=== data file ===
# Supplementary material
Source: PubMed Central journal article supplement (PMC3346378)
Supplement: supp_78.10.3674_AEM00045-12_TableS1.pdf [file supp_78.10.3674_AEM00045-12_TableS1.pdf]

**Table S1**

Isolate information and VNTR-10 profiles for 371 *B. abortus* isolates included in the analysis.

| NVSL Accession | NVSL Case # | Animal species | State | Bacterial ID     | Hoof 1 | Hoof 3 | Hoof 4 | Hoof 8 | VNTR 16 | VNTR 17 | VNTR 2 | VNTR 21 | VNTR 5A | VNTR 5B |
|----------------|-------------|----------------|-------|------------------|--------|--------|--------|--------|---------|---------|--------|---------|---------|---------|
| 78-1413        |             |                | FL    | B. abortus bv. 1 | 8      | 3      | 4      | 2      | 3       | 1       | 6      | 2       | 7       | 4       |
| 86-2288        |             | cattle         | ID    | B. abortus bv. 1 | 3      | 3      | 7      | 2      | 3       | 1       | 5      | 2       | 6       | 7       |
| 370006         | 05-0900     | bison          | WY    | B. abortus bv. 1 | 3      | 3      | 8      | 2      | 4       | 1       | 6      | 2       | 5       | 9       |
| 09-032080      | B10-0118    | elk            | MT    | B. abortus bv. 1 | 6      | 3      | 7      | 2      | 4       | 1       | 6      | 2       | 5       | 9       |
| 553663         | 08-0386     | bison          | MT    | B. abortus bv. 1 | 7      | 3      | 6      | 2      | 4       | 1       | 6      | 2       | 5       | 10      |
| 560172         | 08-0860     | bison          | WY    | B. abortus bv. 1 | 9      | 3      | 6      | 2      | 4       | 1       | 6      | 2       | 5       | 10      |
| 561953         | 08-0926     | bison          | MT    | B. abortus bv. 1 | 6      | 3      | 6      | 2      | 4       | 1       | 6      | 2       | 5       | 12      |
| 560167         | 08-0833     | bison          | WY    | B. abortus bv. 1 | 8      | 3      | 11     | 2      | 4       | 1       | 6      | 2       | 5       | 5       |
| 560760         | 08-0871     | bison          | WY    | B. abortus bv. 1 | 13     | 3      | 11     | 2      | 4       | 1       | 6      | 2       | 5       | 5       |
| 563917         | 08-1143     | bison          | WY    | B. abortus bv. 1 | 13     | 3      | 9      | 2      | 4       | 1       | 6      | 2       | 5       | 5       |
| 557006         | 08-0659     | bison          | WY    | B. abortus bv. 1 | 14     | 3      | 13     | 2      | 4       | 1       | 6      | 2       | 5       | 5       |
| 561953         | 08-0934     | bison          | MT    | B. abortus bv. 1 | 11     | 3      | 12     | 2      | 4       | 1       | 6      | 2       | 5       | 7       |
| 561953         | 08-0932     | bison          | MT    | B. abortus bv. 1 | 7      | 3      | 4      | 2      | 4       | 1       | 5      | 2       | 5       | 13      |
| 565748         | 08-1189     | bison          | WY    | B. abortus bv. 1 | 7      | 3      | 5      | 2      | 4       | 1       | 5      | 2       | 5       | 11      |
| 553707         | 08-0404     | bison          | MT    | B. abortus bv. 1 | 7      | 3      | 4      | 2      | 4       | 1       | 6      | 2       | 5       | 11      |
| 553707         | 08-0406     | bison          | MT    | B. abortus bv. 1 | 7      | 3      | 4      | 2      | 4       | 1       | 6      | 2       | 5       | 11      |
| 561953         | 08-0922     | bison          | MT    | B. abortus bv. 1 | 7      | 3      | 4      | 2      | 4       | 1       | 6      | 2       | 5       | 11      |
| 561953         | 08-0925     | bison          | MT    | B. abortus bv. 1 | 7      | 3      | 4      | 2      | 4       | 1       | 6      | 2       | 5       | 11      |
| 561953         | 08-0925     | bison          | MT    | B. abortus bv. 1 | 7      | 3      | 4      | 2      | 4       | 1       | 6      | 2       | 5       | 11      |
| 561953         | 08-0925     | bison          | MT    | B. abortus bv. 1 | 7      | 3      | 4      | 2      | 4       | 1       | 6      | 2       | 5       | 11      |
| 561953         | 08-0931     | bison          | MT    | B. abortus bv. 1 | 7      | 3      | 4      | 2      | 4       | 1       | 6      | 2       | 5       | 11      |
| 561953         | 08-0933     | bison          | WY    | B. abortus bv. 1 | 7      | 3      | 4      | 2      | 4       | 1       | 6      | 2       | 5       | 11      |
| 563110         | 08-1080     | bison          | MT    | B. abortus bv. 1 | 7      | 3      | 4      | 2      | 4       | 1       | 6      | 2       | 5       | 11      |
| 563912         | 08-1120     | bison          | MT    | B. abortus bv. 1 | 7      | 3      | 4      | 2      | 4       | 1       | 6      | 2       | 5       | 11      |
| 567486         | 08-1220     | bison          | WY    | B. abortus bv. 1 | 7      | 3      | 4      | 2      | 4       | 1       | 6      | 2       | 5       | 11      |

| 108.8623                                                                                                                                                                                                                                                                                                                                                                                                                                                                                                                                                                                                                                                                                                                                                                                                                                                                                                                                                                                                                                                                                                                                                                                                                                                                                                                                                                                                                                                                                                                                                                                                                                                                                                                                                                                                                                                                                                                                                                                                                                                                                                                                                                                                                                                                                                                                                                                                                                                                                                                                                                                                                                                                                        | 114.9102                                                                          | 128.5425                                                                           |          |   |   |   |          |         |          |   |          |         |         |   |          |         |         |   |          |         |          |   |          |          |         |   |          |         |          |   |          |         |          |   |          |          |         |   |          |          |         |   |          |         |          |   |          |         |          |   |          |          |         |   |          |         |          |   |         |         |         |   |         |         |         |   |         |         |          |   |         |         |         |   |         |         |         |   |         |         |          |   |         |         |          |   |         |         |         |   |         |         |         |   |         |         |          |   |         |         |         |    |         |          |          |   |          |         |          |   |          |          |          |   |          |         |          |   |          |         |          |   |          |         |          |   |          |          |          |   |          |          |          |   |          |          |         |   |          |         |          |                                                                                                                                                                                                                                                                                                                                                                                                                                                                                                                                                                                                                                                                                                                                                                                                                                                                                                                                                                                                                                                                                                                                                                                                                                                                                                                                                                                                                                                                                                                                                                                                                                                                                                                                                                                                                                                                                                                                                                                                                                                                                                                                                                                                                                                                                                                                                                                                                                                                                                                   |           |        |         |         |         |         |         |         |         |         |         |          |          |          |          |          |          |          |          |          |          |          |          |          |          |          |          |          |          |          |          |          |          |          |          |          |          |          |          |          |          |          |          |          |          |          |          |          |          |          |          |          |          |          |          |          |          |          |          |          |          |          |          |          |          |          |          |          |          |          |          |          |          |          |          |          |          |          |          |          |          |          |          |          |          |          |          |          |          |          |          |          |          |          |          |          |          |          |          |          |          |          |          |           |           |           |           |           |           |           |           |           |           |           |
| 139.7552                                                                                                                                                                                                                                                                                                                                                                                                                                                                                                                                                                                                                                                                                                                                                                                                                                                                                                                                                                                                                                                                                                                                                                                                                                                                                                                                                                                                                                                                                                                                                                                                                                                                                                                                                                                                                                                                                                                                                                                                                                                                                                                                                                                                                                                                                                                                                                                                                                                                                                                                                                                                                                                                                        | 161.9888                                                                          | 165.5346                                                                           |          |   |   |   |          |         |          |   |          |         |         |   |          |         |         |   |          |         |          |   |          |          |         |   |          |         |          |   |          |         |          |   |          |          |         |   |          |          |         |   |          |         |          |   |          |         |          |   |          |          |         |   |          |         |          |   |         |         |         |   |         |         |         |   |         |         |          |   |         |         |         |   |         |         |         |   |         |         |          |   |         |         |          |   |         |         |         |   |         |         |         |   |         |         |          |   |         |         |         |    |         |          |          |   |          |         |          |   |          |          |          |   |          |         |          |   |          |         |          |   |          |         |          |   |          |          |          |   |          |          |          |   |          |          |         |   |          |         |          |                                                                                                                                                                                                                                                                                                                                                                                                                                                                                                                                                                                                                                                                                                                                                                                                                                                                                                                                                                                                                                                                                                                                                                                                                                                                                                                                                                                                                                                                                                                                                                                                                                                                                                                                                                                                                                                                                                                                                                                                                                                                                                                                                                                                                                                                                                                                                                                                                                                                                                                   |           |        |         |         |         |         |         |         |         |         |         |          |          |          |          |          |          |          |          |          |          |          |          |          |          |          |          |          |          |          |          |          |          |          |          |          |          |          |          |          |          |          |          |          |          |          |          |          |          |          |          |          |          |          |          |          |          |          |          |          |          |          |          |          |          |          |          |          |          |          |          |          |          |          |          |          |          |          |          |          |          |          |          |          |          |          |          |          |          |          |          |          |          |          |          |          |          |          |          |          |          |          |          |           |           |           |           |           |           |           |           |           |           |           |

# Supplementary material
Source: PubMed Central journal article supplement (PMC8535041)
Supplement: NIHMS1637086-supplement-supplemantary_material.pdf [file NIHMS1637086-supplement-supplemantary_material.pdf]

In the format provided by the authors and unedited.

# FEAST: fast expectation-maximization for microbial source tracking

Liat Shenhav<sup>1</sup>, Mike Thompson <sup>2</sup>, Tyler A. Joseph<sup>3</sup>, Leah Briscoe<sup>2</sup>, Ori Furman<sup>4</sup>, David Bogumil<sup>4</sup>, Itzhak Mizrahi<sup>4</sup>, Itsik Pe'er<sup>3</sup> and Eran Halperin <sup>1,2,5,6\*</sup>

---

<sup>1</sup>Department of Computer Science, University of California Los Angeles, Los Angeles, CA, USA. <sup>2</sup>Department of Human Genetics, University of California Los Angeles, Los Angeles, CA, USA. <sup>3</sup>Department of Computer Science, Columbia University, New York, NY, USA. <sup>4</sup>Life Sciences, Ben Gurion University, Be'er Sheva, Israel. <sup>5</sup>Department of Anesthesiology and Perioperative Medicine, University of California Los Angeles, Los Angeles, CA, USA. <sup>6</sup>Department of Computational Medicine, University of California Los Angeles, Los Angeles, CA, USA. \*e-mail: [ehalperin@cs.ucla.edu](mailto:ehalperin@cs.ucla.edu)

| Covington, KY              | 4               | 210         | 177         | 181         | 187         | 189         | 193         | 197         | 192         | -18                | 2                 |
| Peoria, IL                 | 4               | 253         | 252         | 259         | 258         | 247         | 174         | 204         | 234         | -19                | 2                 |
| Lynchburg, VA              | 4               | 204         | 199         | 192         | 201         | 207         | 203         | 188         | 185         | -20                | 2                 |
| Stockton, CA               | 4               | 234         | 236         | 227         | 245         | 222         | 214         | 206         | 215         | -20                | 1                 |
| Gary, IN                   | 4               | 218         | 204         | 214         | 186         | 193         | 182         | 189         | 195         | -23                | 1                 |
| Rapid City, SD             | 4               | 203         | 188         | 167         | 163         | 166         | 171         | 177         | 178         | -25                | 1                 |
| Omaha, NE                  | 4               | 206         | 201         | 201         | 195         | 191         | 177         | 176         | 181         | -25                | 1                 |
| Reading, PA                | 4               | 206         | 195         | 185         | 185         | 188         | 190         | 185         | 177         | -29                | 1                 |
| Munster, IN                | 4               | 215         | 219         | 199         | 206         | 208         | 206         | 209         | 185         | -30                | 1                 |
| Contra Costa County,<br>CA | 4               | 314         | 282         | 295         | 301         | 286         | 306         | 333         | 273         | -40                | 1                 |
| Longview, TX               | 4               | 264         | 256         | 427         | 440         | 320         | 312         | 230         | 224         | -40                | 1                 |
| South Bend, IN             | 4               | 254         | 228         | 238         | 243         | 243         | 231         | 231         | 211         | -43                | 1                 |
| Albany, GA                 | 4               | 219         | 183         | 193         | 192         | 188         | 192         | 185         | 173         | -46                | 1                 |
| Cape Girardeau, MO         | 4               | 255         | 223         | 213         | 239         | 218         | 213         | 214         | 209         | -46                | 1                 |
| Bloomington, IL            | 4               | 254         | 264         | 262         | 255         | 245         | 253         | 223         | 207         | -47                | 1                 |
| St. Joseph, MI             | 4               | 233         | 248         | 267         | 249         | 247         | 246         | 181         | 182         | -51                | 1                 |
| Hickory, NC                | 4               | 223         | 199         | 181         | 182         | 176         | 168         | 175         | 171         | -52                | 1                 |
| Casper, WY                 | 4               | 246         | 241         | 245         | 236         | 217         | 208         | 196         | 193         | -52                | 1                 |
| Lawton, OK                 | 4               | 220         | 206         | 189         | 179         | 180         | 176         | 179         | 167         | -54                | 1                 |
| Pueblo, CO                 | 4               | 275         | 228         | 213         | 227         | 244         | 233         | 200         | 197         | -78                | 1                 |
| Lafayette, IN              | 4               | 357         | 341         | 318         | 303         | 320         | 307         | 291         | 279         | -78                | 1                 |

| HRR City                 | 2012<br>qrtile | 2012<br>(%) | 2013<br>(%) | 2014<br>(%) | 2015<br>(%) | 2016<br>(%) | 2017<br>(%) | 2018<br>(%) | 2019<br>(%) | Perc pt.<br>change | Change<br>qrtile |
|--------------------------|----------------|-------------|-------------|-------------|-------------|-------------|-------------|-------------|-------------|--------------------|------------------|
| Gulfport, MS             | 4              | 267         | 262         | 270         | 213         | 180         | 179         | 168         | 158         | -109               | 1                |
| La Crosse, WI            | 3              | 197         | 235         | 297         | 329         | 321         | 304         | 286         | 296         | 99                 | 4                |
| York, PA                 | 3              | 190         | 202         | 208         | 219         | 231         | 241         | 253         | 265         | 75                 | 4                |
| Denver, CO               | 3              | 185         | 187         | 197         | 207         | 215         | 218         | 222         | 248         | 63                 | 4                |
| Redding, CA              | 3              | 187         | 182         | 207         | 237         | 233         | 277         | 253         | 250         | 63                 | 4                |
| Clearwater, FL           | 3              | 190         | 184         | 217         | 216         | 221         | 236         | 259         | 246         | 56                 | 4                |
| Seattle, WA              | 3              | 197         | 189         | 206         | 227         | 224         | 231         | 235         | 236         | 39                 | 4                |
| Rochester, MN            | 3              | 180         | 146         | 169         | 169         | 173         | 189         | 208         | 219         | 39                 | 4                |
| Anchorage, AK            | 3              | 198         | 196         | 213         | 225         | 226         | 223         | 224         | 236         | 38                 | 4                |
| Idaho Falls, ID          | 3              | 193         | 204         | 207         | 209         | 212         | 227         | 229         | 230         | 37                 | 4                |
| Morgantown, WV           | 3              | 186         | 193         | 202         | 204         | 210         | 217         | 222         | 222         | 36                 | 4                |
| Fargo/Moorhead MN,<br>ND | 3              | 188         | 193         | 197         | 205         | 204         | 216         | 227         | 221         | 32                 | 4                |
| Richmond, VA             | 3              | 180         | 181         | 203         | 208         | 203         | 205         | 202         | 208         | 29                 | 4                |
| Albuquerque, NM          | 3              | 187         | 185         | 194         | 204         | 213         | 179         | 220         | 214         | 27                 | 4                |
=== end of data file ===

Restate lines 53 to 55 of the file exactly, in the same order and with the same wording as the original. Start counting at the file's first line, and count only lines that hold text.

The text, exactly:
| Longview, TX               | 4               | 264         | 256         | 427         | 440         | 320         | 312         | 230         | 224         | -40                | 1                 |
| South Bend, IN             | 4               | 254         | 228         | 238         | 243         | 243         | 231         | 231         | 211         | -43                | 1                 |
| Albany, GA                 | 4               | 219         | 183         | 193         | 192         | 188         | 192         | 185         | 173         | -46                | 1                 |